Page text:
By Kelly Manton-Pearce: Yealering, Western Australia
The U.S. government has just approved a new kind of apple. When cut or bruised, it keeps its color—it doesn’t turn brown, as apples do so quickly now.
The Canadian company behind this innovation calls them “Arctic apples.” They’re the result of a new form of genetic modification. Rather than transplanting genes from one species to another—up to now, the most common way to create GM crops—scientists simply work with the genes in the apples themselves.
By “turning off” the genes that cause rapid browning, they’ve invented a new and improved apple that should have great consumer appeal.
We’ll see how the market responds. You never know what consumers will think until they’ve had a chance to try something, but I can sense the appeal of this one. Mums will find it easier to pack sliced apples in school lunches.
In the meantime, let’s hope that consumers and politicians don’t react with fear and ignorance, driven by special interests and ideological activists who want to destroy novel ideas before they’ve even had a chance to face the public.
Farmers in Western Australia, like us, appreciate the problem. We live in one of the Australian states that allows a bit of GM cropping: Under tight rules, we can grow GM canola.
Yet we could do so much more.
There is currently a debate in our state to remove legislation that restricts the growing of GM food. I hope it’s overturned: Farmers in Western Australia should enjoy all the tools of modern agriculture, especially the ones that have proven so popular and effective in the Western hemisphere, from Canada in the north to Argentina in the south.
This would represent progress. Unfortunately, we may have to endure regress. The states of South Australia and Tasmania continue to ban GM farming. If a Labor government comes to power in the next Western Australian state election they have indicated they will re-impose the moratorium.
The controversy over GM food represents the greatest failure in our lifetime to communicate the basic facts of science. Around the world, billions of people misunderstand a whole class of technology. They don’t recognise that GM crops represent some of our best opportunities to address food security amid a booming global population and environmental challenges during a period of unpredictable climate change.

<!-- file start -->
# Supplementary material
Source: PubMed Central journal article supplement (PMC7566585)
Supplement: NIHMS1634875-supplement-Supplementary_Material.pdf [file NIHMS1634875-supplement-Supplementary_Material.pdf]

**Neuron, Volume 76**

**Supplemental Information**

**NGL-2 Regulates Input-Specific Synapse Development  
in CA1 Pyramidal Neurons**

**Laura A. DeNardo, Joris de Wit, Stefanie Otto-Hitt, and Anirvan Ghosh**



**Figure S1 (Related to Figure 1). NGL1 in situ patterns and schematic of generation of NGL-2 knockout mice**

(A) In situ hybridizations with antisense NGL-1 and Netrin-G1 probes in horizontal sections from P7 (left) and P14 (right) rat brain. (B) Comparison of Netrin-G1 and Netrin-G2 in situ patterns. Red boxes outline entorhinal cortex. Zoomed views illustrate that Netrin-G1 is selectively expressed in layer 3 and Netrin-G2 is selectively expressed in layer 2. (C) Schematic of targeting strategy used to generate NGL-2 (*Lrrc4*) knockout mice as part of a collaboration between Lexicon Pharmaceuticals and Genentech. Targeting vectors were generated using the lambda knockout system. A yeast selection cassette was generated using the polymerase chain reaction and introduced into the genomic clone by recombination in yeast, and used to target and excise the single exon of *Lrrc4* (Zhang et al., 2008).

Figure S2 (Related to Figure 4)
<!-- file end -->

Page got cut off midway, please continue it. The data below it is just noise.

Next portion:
As am Agricultural Scientist, I am intrigued by the trend across the food chain in Australia and developed countries around the world – particularly Europe – to desire less modern agricultural science and technology than more. The full-bellied consumers in these countries are demanding more from the food sector than just cheap, safe and readily available food by raising unsubstantiated concerns regarding new applications of agricultural science in food production.
During my research and farming career, I have had the opportunity to meet many farmers and research organizations working with GM crops. From Arctic apples to weed-resistant canola, GM foods represent the victory of human ingenuity and the wonder of science over the grinding misery of hunger and suffering. I’ve witnessed the research trials in the Philippines on “Golden Rice,” a GM crop whose biofortification could wipe out the scourge of childhood blindness caused by vitamin-A deficiency.
It’s heartbreaking to visit these Golden Rice plots, and then to meet the sightless children whose fate in life would be so different if only they could have had access to this food.
The only thing standing between a new generation of blind children and a preventative solution is the illogical opposition of activist NGOs based in Western countries— prosperous countries that have full bellies and readily available and nutritious food, but nonetheless have allowed its fixation with hypothetical risks to trump both common sense and miraculous potential.
We cannot allow similiar harmful obsessions to take root in Australia.
On our family farm in Western Australia, we grow grain and raise sheep. We’ve experimented with GM canola, with mixed results. Although we saw vast improvement in our paddocks, we didn’t benefit from gains in yield—and so we’re waiting for better technologies to come along before we try again.
That’s how GM farming ought to work: Farmers should enjoy the freedom to decide what they’ll grow, making decisions based on economic and environmental sustainability. One thing we’d like to try is drought-tolerant wheat, helping us make the most of our sparse rainfall in Western Australia and letting us grow more food on less land in tough times.
As we struggle to feed a hungry world, we need to make technology our ally rather than our enemy. And if GM apples ever make it to Australia, I’ll gladly try them out and feed them to my family.
Dr. Kelly Manton-Pearce, along with her husband Alan, grow canola, wheat, barley, oaten-hay and sheep in Western Australia. In addition to farming, Kelly is a Nuffield Scholar, Research Fellow with Murdoch University and a member of the TATT Global Farmer Network (www.truthabouttrade.org).